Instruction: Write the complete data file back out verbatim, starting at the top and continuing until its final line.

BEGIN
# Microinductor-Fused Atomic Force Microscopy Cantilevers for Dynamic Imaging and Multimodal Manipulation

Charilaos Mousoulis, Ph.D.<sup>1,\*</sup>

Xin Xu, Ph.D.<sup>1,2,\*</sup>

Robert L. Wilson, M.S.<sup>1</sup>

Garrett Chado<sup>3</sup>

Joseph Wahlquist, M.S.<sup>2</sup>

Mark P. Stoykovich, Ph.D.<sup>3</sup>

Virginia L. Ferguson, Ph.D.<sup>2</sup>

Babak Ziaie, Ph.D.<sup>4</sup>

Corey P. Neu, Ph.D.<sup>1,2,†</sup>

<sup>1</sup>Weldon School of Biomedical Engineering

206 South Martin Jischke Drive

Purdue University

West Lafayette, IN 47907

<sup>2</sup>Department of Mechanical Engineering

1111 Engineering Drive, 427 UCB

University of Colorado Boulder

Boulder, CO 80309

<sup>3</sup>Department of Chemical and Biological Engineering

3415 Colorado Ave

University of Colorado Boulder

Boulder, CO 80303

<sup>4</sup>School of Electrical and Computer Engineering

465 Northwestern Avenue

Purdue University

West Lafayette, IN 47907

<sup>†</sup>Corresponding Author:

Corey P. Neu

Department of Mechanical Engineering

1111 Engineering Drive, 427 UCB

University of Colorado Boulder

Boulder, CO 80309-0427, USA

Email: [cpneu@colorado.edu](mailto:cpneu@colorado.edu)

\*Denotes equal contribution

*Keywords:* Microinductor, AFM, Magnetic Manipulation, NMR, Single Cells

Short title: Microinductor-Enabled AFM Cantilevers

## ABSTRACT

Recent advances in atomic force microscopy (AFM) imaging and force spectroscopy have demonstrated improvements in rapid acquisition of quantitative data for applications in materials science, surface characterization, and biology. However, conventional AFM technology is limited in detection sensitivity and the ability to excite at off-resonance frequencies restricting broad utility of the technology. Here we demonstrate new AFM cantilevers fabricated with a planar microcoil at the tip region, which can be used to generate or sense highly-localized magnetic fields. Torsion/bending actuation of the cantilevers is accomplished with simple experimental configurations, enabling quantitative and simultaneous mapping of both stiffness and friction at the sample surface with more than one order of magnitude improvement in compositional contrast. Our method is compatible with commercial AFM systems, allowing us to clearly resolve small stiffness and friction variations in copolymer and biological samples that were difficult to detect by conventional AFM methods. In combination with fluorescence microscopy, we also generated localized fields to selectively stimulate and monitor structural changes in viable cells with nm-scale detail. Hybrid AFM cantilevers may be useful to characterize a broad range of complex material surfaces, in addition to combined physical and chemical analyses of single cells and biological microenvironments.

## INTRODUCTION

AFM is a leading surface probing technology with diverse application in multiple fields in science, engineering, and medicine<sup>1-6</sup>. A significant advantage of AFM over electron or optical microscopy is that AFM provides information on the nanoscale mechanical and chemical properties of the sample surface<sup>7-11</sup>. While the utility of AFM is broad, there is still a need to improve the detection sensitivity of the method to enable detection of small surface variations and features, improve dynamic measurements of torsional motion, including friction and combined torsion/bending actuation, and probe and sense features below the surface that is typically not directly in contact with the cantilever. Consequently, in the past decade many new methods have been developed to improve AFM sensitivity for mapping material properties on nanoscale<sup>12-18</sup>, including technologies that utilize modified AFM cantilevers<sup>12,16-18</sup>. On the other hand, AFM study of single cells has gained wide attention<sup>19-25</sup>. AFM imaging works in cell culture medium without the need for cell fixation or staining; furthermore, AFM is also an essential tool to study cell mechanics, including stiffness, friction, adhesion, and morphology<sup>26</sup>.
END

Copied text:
# Microinductor-Fused Atomic Force Microscopy Cantilevers for Dynamic Imaging and Multimodal Manipulation

Charilaos Mousoulis, Ph.D.<sup>1,\*</sup>

Xin Xu, Ph.D.<sup>1,2,\*</sup>

Robert L. Wilson, M.S.<sup>1</sup>

Garrett Chado<sup>3</sup>

Joseph Wahlquist, M.S.<sup>2</sup>

Mark P. Stoykovich, Ph.D.<sup>3</sup>

Virginia L. Ferguson, Ph.D.<sup>2</sup>

Babak Ziaie, Ph.D.<sup>4</sup>

Corey P. Neu, Ph.D.<sup>1,2,†</sup>

<sup>1</sup>Weldon School of Biomedical Engineering

206 South Martin Jischke Drive

Purdue University

West Lafayette, IN 47907

<sup>2</sup>Department of Mechanical Engineering

1111 Engineering Drive, 427 UCB

University of Colorado Boulder

Boulder, CO 80309

<sup>3</sup>Department of Chemical and Biological Engineering

3415 Colorado Ave

University of Colorado Boulder

Boulder, CO 80303

<sup>4</sup>School of Electrical and Computer Engineering

465 Northwestern Avenue

Purdue University

West Lafayette, IN 47907

<sup>†</sup>Corresponding Author:

Corey P. Neu

Department of Mechanical Engineering

1111 Engineering Drive, 427 UCB

University of Colorado Boulder

Boulder, CO 80309-0427, USA

Email: [cpneu@colorado.edu](mailto:cpneu@colorado.edu)

\*Denotes equal contribution

*Keywords:* Microinductor, AFM, Magnetic Manipulation, NMR, Single Cells

Short title: Microinductor-Enabled AFM Cantilevers

## ABSTRACT

Recent advances in atomic force microscopy (AFM) imaging and force spectroscopy have demonstrated improvements in rapid acquisition of quantitative data for applications in materials science, surface characterization, and biology. However, conventional AFM technology is limited in detection sensitivity and the ability to excite at off-resonance frequencies restricting broad utility of the technology. Here we demonstrate new AFM cantilevers fabricated with a planar microcoil at the tip region, which can be used to generate or sense highly-localized magnetic fields. Torsion/bending actuation of the cantilevers is accomplished with simple experimental configurations, enabling quantitative and simultaneous mapping of both stiffness and friction at the sample surface with more than one order of magnitude improvement in compositional contrast. Our method is compatible with commercial AFM systems, allowing us to clearly resolve small stiffness and friction variations in copolymer and biological samples that were difficult to detect by conventional AFM methods. In combination with fluorescence microscopy, we also generated localized fields to selectively stimulate and monitor structural changes in viable cells with nm-scale detail. Hybrid AFM cantilevers may be useful to characterize a broad range of complex material surfaces, in addition to combined physical and chemical analyses of single cells and biological microenvironments.

## INTRODUCTION

AFM is a leading surface probing technology with diverse application in multiple fields in science, engineering, and medicine<sup>1-6</sup>. A significant advantage of AFM over electron or optical microscopy is that AFM provides information on the nanoscale mechanical and chemical properties of the sample surface<sup>7-11</sup>. While the utility of AFM is broad, there is still a need to improve the detection sensitivity of the method to enable detection of small surface variations and features, improve dynamic measurements of torsional motion, including friction and combined torsion/bending actuation, and probe and sense features below the surface that is typically not directly in contact with the cantilever. Consequently, in the past decade many new methods have been developed to improve AFM sensitivity for mapping material properties on nanoscale<sup>12-18</sup>, including technologies that utilize modified AFM cantilevers<sup>12,16-18</sup>. On the other hand, AFM study of single cells has gained wide attention<sup>19-25</sup>. AFM imaging works in cell culture medium without the need for cell fixation or staining; furthermore, AFM is also an essential tool to study cell mechanics, including stiffness, friction, adhesion, and morphology<sup>26</sup>.